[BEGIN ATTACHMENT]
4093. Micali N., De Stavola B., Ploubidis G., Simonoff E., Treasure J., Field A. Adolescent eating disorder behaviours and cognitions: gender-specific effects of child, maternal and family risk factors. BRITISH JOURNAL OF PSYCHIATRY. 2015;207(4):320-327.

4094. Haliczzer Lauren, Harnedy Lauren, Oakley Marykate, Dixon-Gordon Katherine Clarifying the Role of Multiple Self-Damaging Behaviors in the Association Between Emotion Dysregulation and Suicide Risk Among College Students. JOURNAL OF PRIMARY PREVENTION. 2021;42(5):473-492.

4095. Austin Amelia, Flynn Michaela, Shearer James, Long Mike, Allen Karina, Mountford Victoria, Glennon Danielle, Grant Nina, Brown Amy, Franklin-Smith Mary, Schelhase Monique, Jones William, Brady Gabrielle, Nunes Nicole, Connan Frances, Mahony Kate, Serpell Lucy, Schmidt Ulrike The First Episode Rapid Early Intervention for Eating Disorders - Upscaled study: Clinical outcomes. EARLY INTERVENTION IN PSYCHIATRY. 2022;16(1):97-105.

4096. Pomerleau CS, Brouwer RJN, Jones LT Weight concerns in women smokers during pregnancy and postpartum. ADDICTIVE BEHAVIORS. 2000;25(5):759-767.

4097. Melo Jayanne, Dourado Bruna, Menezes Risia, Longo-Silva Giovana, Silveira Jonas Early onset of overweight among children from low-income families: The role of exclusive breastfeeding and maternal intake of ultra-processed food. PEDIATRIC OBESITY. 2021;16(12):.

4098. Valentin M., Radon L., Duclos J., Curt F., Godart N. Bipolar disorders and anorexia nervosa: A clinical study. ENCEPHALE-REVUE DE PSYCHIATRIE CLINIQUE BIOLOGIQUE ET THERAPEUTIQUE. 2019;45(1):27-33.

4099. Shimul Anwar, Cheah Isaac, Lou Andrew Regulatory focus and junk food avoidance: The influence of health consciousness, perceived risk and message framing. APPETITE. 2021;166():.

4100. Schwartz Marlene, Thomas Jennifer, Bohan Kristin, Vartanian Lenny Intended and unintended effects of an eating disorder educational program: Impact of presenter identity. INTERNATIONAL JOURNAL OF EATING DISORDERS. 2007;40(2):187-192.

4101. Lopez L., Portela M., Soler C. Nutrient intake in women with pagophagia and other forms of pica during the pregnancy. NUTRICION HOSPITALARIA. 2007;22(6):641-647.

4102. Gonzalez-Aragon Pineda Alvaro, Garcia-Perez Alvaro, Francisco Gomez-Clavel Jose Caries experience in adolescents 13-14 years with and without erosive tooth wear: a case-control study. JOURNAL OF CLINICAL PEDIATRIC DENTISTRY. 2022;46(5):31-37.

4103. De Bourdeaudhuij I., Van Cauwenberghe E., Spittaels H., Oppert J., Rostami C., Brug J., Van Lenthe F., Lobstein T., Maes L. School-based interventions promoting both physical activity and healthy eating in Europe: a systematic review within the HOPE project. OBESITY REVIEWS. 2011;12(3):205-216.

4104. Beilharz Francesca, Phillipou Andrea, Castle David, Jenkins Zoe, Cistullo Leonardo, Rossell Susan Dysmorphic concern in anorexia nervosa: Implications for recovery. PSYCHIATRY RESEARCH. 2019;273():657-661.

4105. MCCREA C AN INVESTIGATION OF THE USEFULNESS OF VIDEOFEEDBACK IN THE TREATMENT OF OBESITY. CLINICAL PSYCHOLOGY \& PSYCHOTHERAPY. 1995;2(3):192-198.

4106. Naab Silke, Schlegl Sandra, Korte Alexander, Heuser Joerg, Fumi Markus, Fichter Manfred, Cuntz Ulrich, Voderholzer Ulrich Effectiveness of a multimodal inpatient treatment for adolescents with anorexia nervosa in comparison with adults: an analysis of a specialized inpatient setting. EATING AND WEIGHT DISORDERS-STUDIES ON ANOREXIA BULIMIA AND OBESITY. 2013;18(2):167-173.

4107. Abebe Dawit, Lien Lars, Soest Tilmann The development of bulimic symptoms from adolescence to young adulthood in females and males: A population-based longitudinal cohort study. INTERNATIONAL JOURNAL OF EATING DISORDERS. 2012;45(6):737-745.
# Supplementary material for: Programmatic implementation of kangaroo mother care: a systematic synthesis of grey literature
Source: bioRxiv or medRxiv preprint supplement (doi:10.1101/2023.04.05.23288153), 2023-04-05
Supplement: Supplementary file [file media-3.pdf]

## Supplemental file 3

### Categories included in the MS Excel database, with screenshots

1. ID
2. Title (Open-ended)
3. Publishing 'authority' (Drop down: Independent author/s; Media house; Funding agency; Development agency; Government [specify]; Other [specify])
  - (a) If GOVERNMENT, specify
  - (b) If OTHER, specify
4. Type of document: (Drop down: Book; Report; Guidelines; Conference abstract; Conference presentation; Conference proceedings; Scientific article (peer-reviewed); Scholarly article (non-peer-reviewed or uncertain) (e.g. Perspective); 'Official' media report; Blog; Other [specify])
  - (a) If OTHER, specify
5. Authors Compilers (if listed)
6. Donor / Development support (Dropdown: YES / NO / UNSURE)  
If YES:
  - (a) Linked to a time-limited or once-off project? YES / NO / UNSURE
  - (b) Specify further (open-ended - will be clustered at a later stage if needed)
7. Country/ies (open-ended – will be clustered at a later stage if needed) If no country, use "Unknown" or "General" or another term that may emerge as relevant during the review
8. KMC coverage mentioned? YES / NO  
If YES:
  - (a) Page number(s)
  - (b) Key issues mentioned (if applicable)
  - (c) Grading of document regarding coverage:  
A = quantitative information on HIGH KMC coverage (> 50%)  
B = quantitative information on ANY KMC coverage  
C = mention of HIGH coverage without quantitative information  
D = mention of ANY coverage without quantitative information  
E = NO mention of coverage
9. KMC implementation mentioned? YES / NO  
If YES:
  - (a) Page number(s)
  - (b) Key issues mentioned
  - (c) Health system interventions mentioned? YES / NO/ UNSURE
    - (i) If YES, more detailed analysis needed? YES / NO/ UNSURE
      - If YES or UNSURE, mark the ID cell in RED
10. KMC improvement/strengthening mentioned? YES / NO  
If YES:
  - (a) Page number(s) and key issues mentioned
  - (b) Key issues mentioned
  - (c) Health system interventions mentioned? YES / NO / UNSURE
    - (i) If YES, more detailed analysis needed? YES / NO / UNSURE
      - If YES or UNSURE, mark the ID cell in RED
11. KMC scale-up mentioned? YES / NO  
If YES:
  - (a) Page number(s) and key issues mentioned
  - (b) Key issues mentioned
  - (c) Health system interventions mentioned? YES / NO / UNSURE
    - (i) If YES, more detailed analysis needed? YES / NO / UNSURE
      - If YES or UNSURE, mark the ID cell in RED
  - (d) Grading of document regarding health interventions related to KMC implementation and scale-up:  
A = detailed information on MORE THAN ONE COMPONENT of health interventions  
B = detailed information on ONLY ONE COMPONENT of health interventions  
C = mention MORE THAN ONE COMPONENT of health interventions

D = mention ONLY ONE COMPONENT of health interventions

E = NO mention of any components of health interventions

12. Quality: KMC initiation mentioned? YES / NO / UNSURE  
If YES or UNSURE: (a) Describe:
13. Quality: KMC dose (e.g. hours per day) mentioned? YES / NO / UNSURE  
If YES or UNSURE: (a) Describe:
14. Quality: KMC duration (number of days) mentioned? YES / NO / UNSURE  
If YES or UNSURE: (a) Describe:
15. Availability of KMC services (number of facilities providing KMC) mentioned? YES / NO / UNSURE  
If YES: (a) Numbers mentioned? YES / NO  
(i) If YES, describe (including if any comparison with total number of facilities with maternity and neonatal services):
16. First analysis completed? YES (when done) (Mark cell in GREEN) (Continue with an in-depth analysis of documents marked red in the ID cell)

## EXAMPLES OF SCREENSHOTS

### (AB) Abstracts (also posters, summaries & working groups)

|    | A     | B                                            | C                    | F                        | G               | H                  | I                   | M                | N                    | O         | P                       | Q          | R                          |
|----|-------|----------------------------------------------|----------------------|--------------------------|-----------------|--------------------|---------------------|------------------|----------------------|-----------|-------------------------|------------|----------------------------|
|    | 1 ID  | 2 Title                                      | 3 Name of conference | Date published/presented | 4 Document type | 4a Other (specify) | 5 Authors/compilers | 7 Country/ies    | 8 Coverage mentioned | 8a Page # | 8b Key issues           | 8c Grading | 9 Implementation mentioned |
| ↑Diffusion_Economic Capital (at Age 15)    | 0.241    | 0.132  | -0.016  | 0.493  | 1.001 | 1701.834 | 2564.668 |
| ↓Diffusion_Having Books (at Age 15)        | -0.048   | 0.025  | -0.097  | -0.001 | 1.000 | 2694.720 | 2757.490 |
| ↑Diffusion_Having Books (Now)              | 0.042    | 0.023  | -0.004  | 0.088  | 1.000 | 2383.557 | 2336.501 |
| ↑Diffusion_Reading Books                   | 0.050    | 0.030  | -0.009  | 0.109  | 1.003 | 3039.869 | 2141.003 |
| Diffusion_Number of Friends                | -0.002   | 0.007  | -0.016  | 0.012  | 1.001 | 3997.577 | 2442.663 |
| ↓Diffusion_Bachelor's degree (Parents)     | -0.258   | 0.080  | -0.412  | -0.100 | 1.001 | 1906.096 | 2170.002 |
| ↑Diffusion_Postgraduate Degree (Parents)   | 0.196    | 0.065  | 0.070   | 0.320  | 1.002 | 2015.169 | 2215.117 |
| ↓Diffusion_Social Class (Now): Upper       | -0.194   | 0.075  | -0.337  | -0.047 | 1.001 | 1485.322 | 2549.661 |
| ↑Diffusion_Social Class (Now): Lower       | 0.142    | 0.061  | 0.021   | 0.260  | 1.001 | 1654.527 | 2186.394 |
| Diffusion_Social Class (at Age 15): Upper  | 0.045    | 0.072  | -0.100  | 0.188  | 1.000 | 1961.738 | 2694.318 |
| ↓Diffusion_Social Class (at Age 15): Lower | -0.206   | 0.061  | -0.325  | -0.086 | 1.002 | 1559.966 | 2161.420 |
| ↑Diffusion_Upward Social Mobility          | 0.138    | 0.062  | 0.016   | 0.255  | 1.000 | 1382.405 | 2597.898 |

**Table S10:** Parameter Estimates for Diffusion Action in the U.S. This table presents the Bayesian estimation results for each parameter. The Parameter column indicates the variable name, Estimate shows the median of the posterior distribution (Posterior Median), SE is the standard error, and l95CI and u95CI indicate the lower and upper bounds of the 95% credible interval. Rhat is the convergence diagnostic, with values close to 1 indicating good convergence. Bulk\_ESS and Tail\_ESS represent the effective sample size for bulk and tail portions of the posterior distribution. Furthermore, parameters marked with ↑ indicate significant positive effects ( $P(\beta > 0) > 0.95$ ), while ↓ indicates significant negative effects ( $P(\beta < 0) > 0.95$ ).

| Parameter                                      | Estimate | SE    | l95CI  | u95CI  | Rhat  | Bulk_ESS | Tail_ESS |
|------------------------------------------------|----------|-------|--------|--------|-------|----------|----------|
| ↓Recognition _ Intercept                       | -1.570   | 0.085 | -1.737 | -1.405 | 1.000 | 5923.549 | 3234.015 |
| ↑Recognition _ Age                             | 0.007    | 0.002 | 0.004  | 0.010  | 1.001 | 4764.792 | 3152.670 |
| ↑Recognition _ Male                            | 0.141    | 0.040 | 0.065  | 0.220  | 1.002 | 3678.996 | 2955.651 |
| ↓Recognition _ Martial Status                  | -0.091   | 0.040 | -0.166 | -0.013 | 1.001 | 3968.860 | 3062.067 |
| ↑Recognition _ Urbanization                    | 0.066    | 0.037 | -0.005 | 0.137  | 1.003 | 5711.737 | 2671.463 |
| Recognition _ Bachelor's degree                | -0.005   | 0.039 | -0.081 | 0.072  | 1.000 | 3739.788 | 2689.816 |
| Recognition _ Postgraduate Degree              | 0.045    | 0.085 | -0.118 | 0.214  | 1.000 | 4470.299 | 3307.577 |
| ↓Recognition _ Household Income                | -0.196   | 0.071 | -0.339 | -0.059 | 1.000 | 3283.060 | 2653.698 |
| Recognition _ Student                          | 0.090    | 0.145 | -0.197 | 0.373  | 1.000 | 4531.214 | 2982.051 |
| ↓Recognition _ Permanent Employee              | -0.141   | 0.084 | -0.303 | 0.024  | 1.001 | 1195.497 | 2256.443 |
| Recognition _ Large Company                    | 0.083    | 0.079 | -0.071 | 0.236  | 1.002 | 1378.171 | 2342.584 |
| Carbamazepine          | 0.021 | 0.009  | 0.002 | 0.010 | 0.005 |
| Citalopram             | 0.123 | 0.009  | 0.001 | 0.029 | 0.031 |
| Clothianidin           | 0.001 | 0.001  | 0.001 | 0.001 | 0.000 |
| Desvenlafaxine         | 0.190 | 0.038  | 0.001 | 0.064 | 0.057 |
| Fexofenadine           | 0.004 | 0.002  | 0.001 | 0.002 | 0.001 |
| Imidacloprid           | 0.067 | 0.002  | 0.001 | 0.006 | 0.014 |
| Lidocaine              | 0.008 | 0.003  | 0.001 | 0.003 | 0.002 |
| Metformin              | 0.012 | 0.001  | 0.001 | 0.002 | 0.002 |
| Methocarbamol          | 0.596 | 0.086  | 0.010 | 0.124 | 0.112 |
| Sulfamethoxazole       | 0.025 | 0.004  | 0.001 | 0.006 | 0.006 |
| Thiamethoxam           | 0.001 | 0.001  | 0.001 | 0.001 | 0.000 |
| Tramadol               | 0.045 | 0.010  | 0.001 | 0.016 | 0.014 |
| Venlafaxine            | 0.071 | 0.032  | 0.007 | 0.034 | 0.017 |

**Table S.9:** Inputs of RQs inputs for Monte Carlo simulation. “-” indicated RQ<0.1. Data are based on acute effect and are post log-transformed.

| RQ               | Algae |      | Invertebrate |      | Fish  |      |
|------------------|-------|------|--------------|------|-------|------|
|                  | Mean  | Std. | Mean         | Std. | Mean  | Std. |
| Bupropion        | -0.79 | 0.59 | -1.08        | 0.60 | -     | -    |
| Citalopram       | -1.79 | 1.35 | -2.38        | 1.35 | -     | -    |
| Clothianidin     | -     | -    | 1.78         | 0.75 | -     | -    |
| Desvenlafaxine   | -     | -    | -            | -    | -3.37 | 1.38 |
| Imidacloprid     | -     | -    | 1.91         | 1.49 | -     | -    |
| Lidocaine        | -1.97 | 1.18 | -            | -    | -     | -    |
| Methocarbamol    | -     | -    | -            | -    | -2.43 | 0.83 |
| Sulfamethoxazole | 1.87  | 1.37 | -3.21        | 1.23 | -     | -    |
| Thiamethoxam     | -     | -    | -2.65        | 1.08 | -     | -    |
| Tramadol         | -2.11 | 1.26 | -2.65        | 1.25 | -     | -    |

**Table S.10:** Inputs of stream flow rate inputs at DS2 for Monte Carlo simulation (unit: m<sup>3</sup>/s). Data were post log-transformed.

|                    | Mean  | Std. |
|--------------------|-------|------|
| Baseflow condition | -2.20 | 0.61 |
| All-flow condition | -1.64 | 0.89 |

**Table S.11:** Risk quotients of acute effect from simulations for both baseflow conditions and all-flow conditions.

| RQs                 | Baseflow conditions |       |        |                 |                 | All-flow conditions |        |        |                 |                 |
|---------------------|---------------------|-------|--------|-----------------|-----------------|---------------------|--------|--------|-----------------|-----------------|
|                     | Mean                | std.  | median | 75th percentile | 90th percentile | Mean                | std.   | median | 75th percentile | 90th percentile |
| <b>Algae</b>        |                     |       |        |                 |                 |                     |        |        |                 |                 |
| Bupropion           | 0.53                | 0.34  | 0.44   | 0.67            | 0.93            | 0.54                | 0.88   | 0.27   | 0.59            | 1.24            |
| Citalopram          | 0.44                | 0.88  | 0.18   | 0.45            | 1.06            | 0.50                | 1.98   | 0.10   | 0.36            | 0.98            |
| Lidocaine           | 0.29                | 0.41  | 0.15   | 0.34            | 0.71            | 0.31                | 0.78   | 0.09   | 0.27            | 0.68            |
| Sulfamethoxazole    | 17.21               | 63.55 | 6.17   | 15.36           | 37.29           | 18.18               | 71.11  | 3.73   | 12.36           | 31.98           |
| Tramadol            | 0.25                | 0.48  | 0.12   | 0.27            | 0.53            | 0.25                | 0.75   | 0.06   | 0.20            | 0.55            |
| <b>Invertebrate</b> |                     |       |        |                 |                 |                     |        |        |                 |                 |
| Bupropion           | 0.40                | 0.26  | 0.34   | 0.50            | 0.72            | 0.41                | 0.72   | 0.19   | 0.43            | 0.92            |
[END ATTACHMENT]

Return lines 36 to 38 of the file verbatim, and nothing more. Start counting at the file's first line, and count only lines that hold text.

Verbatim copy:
  - (a) Page number(s)
  - (b) Key issues mentioned (if applicable)
  - (c) Grading of document regarding coverage:  